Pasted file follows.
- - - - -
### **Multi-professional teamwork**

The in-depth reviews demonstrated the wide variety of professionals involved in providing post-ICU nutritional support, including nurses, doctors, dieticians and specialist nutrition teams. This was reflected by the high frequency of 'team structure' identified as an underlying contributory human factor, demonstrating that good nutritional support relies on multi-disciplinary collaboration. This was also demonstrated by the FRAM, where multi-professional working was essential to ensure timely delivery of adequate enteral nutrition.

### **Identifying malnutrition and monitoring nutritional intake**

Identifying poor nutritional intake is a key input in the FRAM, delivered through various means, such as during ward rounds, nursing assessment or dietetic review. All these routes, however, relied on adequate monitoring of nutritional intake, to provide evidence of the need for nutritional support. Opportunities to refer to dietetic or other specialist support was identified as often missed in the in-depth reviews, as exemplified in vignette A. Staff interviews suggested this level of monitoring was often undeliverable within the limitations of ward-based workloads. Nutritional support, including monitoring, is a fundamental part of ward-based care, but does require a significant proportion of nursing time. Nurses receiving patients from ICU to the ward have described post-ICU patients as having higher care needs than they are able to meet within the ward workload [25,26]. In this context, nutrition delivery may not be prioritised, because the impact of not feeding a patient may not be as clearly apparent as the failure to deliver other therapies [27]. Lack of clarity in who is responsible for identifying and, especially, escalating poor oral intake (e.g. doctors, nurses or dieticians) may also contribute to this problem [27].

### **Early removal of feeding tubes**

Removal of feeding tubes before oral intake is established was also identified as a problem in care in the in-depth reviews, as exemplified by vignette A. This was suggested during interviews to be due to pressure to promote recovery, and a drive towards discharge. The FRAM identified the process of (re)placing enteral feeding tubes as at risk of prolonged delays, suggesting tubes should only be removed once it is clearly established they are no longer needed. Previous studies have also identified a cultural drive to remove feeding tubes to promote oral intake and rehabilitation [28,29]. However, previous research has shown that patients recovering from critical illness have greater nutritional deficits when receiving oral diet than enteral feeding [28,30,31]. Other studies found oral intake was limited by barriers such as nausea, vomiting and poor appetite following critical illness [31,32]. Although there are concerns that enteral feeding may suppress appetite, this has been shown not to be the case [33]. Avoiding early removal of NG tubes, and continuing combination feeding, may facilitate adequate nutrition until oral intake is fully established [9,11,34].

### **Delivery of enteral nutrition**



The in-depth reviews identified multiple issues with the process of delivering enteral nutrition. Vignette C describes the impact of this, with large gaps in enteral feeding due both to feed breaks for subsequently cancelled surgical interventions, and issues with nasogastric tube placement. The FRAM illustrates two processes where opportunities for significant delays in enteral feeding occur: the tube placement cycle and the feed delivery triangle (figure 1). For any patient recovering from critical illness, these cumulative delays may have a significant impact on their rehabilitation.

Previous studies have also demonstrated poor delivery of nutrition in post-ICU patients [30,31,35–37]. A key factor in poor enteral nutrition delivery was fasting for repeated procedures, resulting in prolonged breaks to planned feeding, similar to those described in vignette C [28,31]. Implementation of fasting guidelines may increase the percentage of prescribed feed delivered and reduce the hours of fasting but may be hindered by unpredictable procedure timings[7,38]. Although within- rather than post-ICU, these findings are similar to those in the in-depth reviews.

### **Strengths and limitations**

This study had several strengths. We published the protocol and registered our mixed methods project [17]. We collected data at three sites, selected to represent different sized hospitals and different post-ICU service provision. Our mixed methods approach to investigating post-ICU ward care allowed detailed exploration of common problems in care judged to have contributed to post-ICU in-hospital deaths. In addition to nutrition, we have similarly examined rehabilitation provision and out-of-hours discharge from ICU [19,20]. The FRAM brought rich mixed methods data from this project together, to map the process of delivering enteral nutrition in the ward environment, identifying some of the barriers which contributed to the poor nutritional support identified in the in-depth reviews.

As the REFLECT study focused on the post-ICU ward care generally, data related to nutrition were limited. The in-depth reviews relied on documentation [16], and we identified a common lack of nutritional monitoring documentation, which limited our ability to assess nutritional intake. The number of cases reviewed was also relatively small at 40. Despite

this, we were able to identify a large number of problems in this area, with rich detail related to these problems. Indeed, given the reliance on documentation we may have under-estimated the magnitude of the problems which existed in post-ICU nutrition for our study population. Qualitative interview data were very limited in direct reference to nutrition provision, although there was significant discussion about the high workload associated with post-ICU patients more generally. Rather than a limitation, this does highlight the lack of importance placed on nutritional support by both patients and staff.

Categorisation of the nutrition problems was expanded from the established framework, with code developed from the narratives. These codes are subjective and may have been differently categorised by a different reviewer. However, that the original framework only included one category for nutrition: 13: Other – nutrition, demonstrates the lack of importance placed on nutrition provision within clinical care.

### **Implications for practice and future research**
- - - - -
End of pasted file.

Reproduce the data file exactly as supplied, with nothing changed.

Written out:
### **Multi-professional teamwork**

The in-depth reviews demonstrated the wide variety of professionals involved in providing post-ICU nutritional support, including nurses, doctors, dieticians and specialist nutrition teams. This was reflected by the high frequency of 'team structure' identified as an underlying contributory human factor, demonstrating that good nutritional support relies on multi-disciplinary collaboration. This was also demonstrated by the FRAM, where multi-professional working was essential to ensure timely delivery of adequate enteral nutrition.

### **Identifying malnutrition and monitoring nutritional intake**

Identifying poor nutritional intake is a key input in the FRAM, delivered through various means, such as during ward rounds, nursing assessment or dietetic review. All these routes, however, relied on adequate monitoring of nutritional intake, to provide evidence of the need for nutritional support. Opportunities to refer to dietetic or other specialist support was identified as often missed in the in-depth reviews, as exemplified in vignette A. Staff interviews suggested this level of monitoring was often undeliverable within the limitations of ward-based workloads. Nutritional support, including monitoring, is a fundamental part of ward-based care, but does require a significant proportion of nursing time. Nurses receiving patients from ICU to the ward have described post-ICU patients as having higher care needs than they are able to meet within the ward workload [25,26]. In this context, nutrition delivery may not be prioritised, because the impact of not feeding a patient may not be as clearly apparent as the failure to deliver other therapies [27]. Lack of clarity in who is responsible for identifying and, especially, escalating poor oral intake (e.g. doctors, nurses or dieticians) may also contribute to this problem [27].

### **Early removal of feeding tubes**

Removal of feeding tubes before oral intake is established was also identified as a problem in care in the in-depth reviews, as exemplified by vignette A. This was suggested during interviews to be due to pressure to promote recovery, and a drive towards discharge. The FRAM identified the process of (re)placing enteral feeding tubes as at risk of prolonged delays, suggesting tubes should only be removed once it is clearly established they are no longer needed. Previous studies have also identified a cultural drive to remove feeding tubes to promote oral intake and rehabilitation [28,29]. However, previous research has shown that patients recovering from critical illness have greater nutritional deficits when receiving oral diet than enteral feeding [28,30,31]. Other studies found oral intake was limited by barriers such as nausea, vomiting and poor appetite following critical illness [31,32]. Although there are concerns that enteral feeding may suppress appetite, this has been shown not to be the case [33]. Avoiding early removal of NG tubes, and continuing combination feeding, may facilitate adequate nutrition until oral intake is fully established [9,11,34].

### **Delivery of enteral nutrition**



The in-depth reviews identified multiple issues with the process of delivering enteral nutrition. Vignette C describes the impact of this, with large gaps in enteral feeding due both to feed breaks for subsequently cancelled surgical interventions, and issues with nasogastric tube placement. The FRAM illustrates two processes where opportunities for significant delays in enteral feeding occur: the tube placement cycle and the feed delivery triangle (figure 1). For any patient recovering from critical illness, these cumulative delays may have a significant impact on their rehabilitation.

Previous studies have also demonstrated poor delivery of nutrition in post-ICU patients [30,31,35–37]. A key factor in poor enteral nutrition delivery was fasting for repeated procedures, resulting in prolonged breaks to planned feeding, similar to those described in vignette C [28,31]. Implementation of fasting guidelines may increase the percentage of prescribed feed delivered and reduce the hours of fasting but may be hindered by unpredictable procedure timings[7,38]. Although within- rather than post-ICU, these findings are similar to those in the in-depth reviews.

### **Strengths and limitations**

This study had several strengths. We published the protocol and registered our mixed methods project [17]. We collected data at three sites, selected to represent different sized hospitals and different post-ICU service provision. Our mixed methods approach to investigating post-ICU ward care allowed detailed exploration of common problems in care judged to have contributed to post-ICU in-hospital deaths. In addition to nutrition, we have similarly examined rehabilitation provision and out-of-hours discharge from ICU [19,20]. The FRAM brought rich mixed methods data from this project together, to map the process of delivering enteral nutrition in the ward environment, identifying some of the barriers which contributed to the poor nutritional support identified in the in-depth reviews.

As the REFLECT study focused on the post-ICU ward care generally, data related to nutrition were limited. The in-depth reviews relied on documentation [16], and we identified a common lack of nutritional monitoring documentation, which limited our ability to assess nutritional intake. The number of cases reviewed was also relatively small at 40. Despite

this, we were able to identify a large number of problems in this area, with rich detail related to these problems. Indeed, given the reliance on documentation we may have under-estimated the magnitude of the problems which existed in post-ICU nutrition for our study population. Qualitative interview data were very limited in direct reference to nutrition provision, although there was significant discussion about the high workload associated with post-ICU patients more generally. Rather than a limitation, this does highlight the lack of importance placed on nutritional support by both patients and staff.

Categorisation of the nutrition problems was expanded from the established framework, with code developed from the narratives. These codes are subjective and may have been differently categorised by a different reviewer. However, that the original framework only included one category for nutrition: 13: Other – nutrition, demonstrates the lack of importance placed on nutrition provision within clinical care.

### **Implications for practice and future research**